Lopsided devolution, the NHS and a Plaid Cymru 'coup'

It's back! Three and a half months after Wales Office ministers last answered MPs' questions, they returned to the House of Commons today.

The cast had changed. David Jones was replaced as secretary of state for Wales by Stephen Crabb in July's cabinet reshuffle, and his old job as a junior minister taken by Alun Cairns.

The double debutants faced questions on, inevitably, devolution, jobs, the minimum wage and, equally inevitably, the NHS.

Mr Crabb began with a tribute to Mr Jones's "tireless" work in the role. The first question was about devolution. Glyn Davies said the Welsh government "cannot be regarded as a genuinely fiscally accountable body" until it's responsible for raising some of the money it spends. That was, he said, "much more important than devolving power in any more policy areas".

Stephen Crabb said the Welsh government should seize the opportunities offered by holding a referendum on income tax powers.

Delyn Labour MP David Hanson was worried about losing his say on English issues under "English votes for English laws" as many of his constituents use the NHS in England.

Stephen Crabb said Mr Hanson should recognise: "We have a hopelessly lopsided devolution arrangement where both he and I as Welsh MPs and Scottish MPs have a say on laws affecting schools and hospitals in England services in England but English MPs have no such equivalent voice on services in Scotland and Wales. That issue has to get addressed."

Mr Crabb thought giving the Welsh government responsibility for raising some of its budget would lead to a "much healthier" political debate in Cardiff. He thought that would be "a big step forward in the political development of Wales". But although he detected an appetite for further devolution he didn't detect much appetite for home rule.

Arfon MP Hywel Williams led for Plaid Cymru, prompting suggestions of a coup as he asked questions about the living wage. Where was Elfyn Llwyd? Had Mr Williams taken over the leadership mantle ahead of schedule? Apparently not. Mr Llwyd was in Bangor adjudicating the all-Wales debating competition for young people.

Shadow Welsh Secretary Owen Smith once again raised what he called "the war on Wales". He told Mr Crabb: "We agree with you that devolution is not constitutional vandalism, but I will tell you what is: a prime minister for Britain describing Offa's Dyke as "the line between life and death", and a Tory health secretary hiring the Daily Mail to scuttle around traducing Welsh public services. That is constitutional vandalism and the secretary of state's record will be judged not by soft soap and warm words about devolution, but by what he does to condemn the war on Wales."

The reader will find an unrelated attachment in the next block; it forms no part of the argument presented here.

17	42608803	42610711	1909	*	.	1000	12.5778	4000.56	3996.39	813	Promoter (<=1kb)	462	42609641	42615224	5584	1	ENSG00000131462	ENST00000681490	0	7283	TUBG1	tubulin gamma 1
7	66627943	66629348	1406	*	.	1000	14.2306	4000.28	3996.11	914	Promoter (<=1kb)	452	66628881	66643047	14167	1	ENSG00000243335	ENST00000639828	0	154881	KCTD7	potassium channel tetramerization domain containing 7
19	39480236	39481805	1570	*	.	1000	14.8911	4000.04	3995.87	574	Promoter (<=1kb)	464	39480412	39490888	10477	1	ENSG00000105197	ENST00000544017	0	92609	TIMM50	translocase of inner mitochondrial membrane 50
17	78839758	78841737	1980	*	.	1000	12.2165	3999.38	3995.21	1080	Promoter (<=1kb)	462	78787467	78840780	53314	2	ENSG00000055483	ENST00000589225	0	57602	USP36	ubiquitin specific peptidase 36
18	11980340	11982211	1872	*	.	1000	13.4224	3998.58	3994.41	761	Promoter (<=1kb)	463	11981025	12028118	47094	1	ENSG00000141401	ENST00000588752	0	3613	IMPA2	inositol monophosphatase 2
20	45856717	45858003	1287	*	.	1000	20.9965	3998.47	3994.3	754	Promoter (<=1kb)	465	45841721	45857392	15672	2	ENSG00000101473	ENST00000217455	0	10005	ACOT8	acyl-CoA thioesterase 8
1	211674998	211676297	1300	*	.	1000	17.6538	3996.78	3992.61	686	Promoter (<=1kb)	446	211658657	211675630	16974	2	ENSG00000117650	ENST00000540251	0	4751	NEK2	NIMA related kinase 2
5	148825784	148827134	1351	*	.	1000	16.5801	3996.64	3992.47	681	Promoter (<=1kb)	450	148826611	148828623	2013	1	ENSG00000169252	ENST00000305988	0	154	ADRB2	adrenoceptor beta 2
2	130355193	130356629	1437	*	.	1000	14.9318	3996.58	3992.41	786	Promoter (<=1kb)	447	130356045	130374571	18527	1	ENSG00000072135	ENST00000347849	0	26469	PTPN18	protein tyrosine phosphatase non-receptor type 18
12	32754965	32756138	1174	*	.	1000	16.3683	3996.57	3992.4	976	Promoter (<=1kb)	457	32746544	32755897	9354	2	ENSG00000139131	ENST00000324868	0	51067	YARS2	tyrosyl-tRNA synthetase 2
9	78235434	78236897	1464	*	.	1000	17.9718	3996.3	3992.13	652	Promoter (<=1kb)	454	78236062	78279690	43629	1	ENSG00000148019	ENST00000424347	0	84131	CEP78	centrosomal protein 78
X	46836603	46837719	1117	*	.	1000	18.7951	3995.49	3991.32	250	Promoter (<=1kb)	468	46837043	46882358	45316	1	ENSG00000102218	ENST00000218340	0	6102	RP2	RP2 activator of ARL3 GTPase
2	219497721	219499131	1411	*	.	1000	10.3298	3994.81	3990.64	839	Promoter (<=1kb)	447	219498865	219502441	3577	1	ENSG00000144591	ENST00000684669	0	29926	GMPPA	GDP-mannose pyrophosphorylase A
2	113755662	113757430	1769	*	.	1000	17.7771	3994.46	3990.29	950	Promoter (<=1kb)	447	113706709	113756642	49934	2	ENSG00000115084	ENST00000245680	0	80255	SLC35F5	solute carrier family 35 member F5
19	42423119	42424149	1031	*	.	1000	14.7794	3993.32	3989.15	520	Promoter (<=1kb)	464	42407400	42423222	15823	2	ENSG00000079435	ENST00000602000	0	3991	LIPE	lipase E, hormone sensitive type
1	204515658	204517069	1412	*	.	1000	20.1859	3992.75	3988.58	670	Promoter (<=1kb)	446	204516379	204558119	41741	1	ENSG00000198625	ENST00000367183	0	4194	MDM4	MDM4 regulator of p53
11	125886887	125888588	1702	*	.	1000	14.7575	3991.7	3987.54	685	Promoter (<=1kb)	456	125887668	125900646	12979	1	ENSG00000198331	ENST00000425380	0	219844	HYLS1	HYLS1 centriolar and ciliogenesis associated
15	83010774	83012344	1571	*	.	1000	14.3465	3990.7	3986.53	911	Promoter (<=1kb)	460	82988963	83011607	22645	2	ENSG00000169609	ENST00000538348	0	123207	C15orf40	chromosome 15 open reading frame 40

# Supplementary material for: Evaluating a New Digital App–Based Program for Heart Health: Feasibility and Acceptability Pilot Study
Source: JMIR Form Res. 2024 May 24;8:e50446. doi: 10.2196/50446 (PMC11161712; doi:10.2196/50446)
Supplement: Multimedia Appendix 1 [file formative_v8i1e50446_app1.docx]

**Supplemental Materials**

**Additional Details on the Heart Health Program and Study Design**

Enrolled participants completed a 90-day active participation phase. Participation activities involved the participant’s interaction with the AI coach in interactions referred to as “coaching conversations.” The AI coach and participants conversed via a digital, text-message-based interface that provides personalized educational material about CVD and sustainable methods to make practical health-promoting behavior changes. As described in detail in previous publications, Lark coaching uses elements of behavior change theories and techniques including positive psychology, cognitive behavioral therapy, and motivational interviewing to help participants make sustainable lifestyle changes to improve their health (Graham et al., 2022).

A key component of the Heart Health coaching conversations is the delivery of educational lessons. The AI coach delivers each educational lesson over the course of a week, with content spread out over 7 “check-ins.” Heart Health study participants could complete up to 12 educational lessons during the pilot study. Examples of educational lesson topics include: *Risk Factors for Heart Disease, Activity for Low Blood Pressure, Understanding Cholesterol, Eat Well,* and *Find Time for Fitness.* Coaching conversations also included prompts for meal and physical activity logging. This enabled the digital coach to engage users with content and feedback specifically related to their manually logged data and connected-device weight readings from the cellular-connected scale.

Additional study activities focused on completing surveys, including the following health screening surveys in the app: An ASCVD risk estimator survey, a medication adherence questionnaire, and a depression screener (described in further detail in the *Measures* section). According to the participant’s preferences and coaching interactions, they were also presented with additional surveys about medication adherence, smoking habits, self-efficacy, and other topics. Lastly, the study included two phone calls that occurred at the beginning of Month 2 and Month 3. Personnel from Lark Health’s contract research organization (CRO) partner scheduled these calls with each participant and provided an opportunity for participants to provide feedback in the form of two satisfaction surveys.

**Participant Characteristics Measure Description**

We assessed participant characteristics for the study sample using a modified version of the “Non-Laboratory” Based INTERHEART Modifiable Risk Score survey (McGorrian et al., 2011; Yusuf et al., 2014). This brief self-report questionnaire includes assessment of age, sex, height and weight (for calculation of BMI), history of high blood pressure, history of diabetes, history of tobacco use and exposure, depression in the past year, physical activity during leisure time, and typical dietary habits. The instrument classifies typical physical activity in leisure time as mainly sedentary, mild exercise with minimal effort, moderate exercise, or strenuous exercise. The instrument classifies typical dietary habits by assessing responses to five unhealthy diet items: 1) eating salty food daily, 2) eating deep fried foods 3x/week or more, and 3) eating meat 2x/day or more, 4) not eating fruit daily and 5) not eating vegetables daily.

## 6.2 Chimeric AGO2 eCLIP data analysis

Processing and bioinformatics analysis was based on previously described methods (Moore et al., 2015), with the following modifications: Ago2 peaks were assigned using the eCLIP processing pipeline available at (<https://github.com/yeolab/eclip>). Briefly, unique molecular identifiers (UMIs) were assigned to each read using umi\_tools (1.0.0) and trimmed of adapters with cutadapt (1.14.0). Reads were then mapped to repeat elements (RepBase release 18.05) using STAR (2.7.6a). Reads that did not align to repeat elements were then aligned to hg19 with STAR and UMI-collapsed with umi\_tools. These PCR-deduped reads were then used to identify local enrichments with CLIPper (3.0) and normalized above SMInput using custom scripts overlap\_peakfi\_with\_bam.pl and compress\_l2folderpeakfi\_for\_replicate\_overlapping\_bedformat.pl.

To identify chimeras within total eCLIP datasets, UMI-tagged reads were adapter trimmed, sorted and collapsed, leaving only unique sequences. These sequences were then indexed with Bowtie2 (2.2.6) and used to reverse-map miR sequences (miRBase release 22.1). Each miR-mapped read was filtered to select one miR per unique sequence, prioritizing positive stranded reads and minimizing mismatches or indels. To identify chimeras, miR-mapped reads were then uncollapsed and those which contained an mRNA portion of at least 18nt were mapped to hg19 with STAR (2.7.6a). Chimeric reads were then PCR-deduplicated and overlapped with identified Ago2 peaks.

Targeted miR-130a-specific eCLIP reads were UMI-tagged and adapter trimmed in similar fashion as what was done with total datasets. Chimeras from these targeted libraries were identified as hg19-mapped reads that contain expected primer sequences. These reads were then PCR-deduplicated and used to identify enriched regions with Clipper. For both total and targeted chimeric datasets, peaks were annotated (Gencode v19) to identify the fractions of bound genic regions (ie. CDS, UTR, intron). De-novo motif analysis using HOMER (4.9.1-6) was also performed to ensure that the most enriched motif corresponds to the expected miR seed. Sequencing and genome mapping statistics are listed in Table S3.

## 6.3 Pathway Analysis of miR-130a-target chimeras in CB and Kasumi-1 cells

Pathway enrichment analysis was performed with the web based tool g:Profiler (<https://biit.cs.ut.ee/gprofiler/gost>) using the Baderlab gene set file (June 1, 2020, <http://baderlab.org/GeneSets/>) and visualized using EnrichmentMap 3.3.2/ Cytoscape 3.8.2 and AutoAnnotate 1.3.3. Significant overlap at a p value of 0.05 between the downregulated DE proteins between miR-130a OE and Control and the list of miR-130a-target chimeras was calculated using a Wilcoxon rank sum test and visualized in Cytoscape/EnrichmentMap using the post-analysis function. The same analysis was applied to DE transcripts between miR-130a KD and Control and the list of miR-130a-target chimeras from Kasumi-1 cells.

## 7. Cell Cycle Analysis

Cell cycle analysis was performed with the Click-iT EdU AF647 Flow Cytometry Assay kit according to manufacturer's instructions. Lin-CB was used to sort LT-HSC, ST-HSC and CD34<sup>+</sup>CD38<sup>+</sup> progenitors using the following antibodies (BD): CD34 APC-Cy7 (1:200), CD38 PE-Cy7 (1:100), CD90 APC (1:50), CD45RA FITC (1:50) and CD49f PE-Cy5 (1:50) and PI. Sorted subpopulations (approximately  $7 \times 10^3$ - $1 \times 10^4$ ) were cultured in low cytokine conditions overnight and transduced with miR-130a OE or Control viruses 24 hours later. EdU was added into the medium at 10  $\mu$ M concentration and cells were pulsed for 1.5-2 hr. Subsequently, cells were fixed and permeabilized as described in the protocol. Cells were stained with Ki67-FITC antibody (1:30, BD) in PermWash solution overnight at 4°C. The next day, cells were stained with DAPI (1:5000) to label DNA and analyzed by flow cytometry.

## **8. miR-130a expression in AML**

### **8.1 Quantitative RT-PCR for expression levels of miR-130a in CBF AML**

Stephen Crabb: "Not a single Member of Parliament with a Welsh constituency could stand up and honestly say, with their hand on their heart, that, when they get out and speak to people on the doorsteps on a Saturday morning, those people do not tell them that the quality of their health services is the No. 1 issue facing the people of Wales. It is wrong for the Welsh Labour party to seek to shut down debate about and scrutiny of the performance of its administration in Cardiff when it comes to the most important issue for the people of Wales."

Welsh Questions actually finished early, as no-one took up the Speaker's offer of a "free-hit opportunity on the agricultural sector in Wales" and Prime Minister's Questions started early.

Your can read the Hansard report of the exchanges here. That was the hors d'oeuvre for the main course of PMQs.

As I write, Mr Crabb is facing more of the same during his first appearance before the Welsh affairs select committee.